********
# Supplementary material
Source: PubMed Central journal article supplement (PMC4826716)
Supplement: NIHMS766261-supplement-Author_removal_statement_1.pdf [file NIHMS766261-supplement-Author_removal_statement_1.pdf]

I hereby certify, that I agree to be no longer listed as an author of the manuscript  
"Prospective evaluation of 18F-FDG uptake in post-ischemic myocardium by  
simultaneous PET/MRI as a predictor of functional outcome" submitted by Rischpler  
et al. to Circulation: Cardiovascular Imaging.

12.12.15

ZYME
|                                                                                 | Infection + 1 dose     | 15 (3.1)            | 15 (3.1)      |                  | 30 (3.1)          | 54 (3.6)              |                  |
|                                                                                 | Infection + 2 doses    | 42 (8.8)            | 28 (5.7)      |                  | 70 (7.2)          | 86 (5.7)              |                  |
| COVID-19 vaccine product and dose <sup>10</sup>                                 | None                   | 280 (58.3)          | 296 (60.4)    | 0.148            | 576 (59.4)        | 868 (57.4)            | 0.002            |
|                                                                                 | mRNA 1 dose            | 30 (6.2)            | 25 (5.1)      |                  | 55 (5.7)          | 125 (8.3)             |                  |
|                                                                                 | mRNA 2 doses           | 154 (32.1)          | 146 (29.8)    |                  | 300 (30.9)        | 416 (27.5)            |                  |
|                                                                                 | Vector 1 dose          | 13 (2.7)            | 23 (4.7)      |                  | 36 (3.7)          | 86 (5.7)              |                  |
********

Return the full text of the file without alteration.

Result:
# Supplementary material
Source: PubMed Central journal article supplement (PMC4826716)
Supplement: NIHMS766261-supplement-Author_removal_statement_1.pdf [file NIHMS766261-supplement-Author_removal_statement_1.pdf]

I hereby certify, that I agree to be no longer listed as an author of the manuscript  
"Prospective evaluation of 18F-FDG uptake in post-ischemic myocardium by  
simultaneous PET/MRI as a predictor of functional outcome" submitted by Rischpler  
et al. to Circulation: Cardiovascular Imaging.

12.12.15

ZYME
|                                                                                 | Infection + 1 dose     | 15 (3.1)            | 15 (3.1)      |                  | 30 (3.1)          | 54 (3.6)              |                  |
|                                                                                 | Infection + 2 doses    | 42 (8.8)            | 28 (5.7)      |                  | 70 (7.2)          | 86 (5.7)              |                  |
| COVID-19 vaccine product and dose <sup>10</sup>                                 | None                   | 280 (58.3)          | 296 (60.4)    | 0.148            | 576 (59.4)        | 868 (57.4)            | 0.002            |
|                                                                                 | mRNA 1 dose            | 30 (6.2)            | 25 (5.1)      |                  | 55 (5.7)          | 125 (8.3)             |                  |
|                                                                                 | mRNA 2 doses           | 154 (32.1)          | 146 (29.8)    |                  | 300 (30.9)        | 416 (27.5)            |                  |
|                                                                                 | Vector 1 dose          | 13 (2.7)            | 23 (4.7)      |                  | 36 (3.7)          | 86 (5.7)              |                  |